It's clear the residents believe the beach is worth saving. They adore its remoteness, its rustic quality, its closeknit community vibe and how, unlike many other equivalent Malibu strips of oceanfront homes, it's discreetly set back from the noisy, high-speed Pacific Coast Highway. "The further up the coast you go, the more privacy you have," explains nightlife impresario Rande Gerber, who lives not too far away with wife Cindy Crawford and recently considered opening a home-style diner immediately across the street from Broad Beach, at the Trancas Country Market.

Hollywood has called it home for generations. In the early '60s, Katharine Hepburn and Spencer Tracy rented a house on the beach for three years. The following decade, Ali MacGraw and Steve McQueen shacked up there. Ronald and Nancy Reagan liked to stay for a week or two at a time. Dinah Shore, part of a later wave replacing the original cottages, caused a commotion when she hired a helicopter to bring in big steel beams for her new pad. "People were buying these houses, which weren't grand things, tearing them down and building their own," says Marian Hall, author of Malibu: California's Most Famous Seaside Community.

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Everyone loved the come-as-you-are, open-back-door social scene. Then-ABC president Elton Rule's tennis court was a popular destination. So were impromptu volleyball games on the beach. As a child, Ryan Kavanaugh, the one-day Relativity chief, would find himself playing Frisbee with next-door neighbor Walter Matthau.

Frank Wells, the Warner Bros. and Disney exec, pioneered the now-common practice of renting barges for Fourth of July fireworks shows in 1983. After he died, DeVito carried on the tradition. An even longer practice has been the kind of social drinking reminiscent of a Cheever short story. Half a century ago, many homes would fly their personal cocktail pennants atop flagpoles when the appropriate hour arrived, an invitation to neighbors to stop by.

These days, there's no such established formal signaling but nearly as much conviviality. "I can think of several times, wearing nothing but a T-shirt and a swimsuit at 11 in the morning, where I've walked my dogs and I don't return until after dinner because I've been invited to one house and then another and another, all spontaneously," Levitan says. "That's just how it is around here."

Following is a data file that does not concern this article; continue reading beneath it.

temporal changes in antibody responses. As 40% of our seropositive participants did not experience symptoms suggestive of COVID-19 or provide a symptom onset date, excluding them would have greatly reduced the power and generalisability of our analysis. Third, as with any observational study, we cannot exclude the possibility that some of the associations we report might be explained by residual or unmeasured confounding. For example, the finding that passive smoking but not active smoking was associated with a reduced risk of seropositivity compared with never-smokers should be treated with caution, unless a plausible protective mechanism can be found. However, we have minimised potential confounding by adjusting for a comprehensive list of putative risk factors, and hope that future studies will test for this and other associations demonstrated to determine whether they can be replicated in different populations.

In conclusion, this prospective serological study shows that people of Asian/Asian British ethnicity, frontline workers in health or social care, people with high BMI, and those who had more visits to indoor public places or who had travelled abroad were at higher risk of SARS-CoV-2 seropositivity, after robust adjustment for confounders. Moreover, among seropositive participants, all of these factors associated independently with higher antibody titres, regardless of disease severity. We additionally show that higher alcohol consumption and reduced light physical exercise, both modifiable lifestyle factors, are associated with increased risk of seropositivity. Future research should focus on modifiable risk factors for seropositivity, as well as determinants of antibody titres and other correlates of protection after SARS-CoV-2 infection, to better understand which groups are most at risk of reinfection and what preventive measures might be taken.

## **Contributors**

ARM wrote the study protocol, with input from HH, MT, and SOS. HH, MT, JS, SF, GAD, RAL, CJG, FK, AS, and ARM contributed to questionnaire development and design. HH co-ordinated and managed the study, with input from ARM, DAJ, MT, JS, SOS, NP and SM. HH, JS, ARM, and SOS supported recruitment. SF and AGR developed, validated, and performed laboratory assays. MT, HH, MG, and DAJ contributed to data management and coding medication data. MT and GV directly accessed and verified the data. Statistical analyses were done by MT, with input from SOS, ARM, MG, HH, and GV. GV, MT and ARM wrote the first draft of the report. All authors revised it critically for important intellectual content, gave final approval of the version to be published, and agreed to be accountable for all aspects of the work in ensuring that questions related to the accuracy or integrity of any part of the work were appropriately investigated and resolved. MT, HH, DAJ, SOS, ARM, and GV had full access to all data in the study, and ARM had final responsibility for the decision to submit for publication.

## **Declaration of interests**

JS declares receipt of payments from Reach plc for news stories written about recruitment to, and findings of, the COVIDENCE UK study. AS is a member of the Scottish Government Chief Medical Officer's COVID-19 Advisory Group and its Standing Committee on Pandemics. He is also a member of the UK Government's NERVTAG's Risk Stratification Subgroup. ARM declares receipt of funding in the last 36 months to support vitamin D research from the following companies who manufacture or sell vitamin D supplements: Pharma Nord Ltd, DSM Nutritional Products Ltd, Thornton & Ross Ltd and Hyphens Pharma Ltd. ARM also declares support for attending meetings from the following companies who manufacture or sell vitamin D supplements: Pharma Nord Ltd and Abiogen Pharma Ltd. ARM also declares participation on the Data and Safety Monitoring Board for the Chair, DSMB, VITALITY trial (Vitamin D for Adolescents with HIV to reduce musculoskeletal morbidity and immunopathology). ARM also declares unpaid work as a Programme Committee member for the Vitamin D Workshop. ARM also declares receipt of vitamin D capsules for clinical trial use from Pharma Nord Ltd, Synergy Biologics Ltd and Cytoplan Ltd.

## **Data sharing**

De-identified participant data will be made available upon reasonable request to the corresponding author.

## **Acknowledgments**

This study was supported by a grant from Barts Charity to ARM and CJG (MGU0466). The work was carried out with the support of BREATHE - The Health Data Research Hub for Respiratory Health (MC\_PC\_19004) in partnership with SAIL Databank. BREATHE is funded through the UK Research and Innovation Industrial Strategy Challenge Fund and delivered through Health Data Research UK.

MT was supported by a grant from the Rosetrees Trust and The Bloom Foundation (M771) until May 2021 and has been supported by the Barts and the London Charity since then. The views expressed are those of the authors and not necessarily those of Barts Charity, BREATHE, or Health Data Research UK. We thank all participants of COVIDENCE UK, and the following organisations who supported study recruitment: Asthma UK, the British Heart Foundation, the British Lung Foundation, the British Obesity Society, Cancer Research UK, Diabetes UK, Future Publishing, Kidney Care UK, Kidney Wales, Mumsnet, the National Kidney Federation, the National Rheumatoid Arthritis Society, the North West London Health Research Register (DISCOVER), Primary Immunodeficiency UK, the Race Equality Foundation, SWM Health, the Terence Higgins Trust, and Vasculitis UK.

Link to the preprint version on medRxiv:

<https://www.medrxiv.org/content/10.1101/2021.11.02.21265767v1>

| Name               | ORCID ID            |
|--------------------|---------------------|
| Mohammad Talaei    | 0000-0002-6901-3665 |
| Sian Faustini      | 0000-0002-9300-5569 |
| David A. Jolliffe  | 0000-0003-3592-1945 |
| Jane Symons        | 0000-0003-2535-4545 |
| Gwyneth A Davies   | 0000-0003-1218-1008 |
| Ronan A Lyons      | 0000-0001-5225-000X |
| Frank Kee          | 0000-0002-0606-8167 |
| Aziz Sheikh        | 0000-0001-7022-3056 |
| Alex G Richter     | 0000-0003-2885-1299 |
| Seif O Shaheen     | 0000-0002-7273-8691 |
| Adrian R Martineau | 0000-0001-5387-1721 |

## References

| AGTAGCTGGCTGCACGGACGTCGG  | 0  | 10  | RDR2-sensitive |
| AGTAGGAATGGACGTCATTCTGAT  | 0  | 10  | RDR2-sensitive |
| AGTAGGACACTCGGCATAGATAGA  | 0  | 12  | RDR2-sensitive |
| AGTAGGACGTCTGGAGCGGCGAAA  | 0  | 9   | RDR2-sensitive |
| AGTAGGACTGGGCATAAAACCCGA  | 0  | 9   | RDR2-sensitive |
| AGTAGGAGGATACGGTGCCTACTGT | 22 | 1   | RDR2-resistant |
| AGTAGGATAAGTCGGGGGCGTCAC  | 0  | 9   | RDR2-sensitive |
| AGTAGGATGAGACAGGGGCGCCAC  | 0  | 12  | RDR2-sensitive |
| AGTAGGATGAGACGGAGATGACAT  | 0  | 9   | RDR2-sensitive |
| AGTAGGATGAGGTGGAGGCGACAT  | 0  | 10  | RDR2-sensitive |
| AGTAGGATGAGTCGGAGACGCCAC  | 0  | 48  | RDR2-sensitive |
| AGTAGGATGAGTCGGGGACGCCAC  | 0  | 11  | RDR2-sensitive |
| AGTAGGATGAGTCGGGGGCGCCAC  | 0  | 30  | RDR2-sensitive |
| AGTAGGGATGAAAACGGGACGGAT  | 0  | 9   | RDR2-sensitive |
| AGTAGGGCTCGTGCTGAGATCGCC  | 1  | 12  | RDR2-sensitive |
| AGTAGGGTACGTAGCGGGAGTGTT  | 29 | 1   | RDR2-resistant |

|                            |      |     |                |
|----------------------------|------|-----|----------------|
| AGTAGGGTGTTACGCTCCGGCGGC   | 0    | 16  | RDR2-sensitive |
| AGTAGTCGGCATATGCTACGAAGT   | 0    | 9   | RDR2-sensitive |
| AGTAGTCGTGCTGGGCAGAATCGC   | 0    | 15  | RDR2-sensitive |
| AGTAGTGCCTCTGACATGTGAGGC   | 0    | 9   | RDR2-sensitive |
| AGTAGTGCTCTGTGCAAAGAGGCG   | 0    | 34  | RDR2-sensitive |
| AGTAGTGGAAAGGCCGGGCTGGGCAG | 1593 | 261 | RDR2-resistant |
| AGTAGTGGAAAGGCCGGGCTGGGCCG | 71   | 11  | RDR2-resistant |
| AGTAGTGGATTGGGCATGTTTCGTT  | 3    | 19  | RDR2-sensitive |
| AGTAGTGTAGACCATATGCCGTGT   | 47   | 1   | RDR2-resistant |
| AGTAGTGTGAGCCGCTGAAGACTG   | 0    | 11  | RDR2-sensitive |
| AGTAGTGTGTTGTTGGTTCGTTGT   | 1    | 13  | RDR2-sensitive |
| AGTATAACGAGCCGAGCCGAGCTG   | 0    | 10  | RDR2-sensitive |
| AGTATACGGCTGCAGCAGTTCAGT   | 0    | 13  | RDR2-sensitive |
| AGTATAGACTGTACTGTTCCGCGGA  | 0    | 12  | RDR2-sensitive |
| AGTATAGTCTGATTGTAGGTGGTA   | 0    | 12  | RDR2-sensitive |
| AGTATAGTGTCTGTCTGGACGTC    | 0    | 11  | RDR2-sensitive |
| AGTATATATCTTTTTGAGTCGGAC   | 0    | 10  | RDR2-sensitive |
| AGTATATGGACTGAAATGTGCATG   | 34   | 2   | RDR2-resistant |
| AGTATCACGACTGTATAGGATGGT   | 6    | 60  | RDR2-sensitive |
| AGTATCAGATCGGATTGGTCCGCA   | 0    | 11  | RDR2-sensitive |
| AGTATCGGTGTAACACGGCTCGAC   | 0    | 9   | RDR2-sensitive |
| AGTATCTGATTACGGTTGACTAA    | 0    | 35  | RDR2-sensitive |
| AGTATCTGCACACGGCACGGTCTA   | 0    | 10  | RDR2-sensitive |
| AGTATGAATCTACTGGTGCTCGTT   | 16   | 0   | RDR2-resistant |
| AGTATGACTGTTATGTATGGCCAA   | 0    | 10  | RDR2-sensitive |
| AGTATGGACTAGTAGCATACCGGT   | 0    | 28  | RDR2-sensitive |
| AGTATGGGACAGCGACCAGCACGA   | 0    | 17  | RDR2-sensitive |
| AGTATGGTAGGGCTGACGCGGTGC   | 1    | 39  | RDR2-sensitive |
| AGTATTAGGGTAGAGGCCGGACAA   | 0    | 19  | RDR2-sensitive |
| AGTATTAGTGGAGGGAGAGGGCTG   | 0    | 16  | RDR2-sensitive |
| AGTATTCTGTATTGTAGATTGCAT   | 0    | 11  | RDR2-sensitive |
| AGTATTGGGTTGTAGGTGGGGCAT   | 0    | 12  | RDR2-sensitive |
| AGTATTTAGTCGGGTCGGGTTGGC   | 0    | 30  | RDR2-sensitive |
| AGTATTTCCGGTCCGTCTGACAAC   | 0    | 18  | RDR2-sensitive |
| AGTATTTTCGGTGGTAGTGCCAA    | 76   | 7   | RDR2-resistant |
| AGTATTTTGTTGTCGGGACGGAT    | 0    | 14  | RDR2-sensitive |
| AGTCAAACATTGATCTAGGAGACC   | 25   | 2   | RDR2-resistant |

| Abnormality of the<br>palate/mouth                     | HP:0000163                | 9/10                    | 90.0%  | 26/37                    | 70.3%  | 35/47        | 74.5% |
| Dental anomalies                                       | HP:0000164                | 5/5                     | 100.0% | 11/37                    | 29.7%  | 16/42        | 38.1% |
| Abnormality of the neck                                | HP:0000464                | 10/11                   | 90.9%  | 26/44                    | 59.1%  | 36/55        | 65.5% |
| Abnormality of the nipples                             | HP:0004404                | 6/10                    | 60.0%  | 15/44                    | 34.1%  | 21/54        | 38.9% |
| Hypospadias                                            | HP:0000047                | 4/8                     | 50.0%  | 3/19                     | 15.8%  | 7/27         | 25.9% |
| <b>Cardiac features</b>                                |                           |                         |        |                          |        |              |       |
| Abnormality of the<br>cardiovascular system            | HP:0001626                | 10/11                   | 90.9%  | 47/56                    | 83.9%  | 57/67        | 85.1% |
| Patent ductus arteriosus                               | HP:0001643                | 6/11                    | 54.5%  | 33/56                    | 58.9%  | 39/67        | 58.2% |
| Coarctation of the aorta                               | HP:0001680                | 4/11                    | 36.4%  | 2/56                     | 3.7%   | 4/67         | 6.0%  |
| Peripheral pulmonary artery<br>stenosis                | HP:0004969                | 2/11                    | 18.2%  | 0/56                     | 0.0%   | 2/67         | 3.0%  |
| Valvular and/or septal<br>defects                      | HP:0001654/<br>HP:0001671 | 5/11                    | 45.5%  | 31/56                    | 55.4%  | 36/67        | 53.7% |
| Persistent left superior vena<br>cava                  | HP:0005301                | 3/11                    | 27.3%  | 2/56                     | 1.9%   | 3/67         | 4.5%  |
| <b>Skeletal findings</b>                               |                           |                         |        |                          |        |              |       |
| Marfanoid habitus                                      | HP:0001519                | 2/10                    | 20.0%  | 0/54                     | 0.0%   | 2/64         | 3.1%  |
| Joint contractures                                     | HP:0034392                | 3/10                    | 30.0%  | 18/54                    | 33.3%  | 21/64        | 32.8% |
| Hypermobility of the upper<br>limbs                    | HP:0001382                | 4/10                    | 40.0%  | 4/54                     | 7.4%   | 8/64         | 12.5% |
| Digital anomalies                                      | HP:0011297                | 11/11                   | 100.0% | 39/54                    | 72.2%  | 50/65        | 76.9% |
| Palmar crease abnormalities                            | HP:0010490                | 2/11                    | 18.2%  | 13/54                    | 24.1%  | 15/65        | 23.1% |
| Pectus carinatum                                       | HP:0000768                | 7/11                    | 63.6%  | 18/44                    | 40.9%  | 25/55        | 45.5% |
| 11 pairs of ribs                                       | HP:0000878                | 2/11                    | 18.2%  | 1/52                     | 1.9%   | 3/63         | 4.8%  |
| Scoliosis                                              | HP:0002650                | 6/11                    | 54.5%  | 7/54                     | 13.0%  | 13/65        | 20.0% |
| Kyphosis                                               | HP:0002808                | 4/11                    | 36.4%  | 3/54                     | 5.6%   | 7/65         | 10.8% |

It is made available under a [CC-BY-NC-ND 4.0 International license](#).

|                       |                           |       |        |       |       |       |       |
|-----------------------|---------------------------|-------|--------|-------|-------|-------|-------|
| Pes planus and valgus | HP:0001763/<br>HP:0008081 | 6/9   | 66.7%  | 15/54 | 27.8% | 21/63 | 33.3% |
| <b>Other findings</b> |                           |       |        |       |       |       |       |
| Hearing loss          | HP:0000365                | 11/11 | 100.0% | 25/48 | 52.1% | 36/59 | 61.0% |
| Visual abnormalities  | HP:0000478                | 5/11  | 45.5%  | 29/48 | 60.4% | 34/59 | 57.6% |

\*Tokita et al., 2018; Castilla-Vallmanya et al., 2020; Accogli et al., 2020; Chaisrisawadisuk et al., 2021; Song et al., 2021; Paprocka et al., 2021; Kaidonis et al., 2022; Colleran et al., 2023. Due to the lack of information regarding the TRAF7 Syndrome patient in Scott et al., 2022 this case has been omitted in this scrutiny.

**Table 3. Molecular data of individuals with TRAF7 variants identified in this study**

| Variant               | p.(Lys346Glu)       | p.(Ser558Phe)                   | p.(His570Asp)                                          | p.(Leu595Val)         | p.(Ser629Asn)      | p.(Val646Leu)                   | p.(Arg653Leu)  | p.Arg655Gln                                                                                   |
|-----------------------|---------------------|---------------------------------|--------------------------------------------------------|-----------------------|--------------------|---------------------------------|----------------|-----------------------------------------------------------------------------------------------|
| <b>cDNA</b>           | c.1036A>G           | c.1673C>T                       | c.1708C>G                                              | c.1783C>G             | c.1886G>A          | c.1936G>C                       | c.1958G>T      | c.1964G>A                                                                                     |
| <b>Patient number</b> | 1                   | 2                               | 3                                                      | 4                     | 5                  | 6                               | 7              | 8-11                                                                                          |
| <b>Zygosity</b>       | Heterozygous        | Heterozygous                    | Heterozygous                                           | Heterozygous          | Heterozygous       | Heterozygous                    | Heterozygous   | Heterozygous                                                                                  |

Broad's salutary effect isn't limited to locals. "It's quite conducive to resolving complex lawsuits," says Marshall Grossman, an A-list entertainment attorney who likes to hold mediations at his beach house. "One of the more memorable ones was for [my client] Mariah Carey and EMI. We had a very successful mediation here with Bert Fields. We got the case settled, and Mariah was walking around the beach with her Hello Kitty boombox."

However, amid all the fun, an increasingly troubling undercurrent has been at play at Broad for decades. In the mid-'70s the beach began eroding, its shoreline in time advancing inland 65 feet. The loss was mostly steady, each winter's storms methodically depleting the coast (aside from several El Nino events that took sizable tolls), though the process has accelerated within the past 10 years.

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Alarmed, residents eventually began fighting back with sandbags and sand berms, a decision that in 2005 ran afoul of the California Coastal Commission's Coastal Act, resulting in a lawsuit against the homeowners' association for moving public beach. The Commission then issued emergency permits for more sandbags and other temporary protections -- many of which property owners never removed, despite the fact that the not-so-temporary protections were violating state law. "It's been a troublesome location," observes Pat Veesart, Southern California district enforcement supervisor for the CCC.

It also has been troublesome for public access advocates. As the mean high tide line -- the edge of the wet sand -- advanced over the years toward the houses and in time nearly abutted them, the public was pushed inland, too. (The Coastal Act mandates that any land seaward of the line belongs to everyone.) Wary property owners took to installing no-trespassing signage along the beach to clearly demarcate their territory and had the homeowners association hire private security to patrol its borders on ATVs. Many nonresidents found the signs misleadingly placed and the rent-a-cops hostile. (Access issues have arisen in recent years elsewhere along the toniest sections of the Malibu coast, most famously when David Geffen lost a lawsuit and was forced to allow a public walkway to be built alongside his Carbon Beach compound in 2005.)

Still, a 2010 storm, which took yet more sand and seriously damaged two Broad houses, proved decisive. The distraught homeowners spent $4 million creating, under yet another emergency permit, what's known as a "revetment" -- essentially a 36,000-ton rock seawall running in front of their homes almost the entire length of the beach. More than 30 feet wide and in places up to 17 feet tall, it's ugly and tricky to traverse without twisting an ankle. But it has held the erosion at bay. (The homeowners plan to cover this revetment in sand and re-create the characteristic dunes, which have all but disappeared, on top.)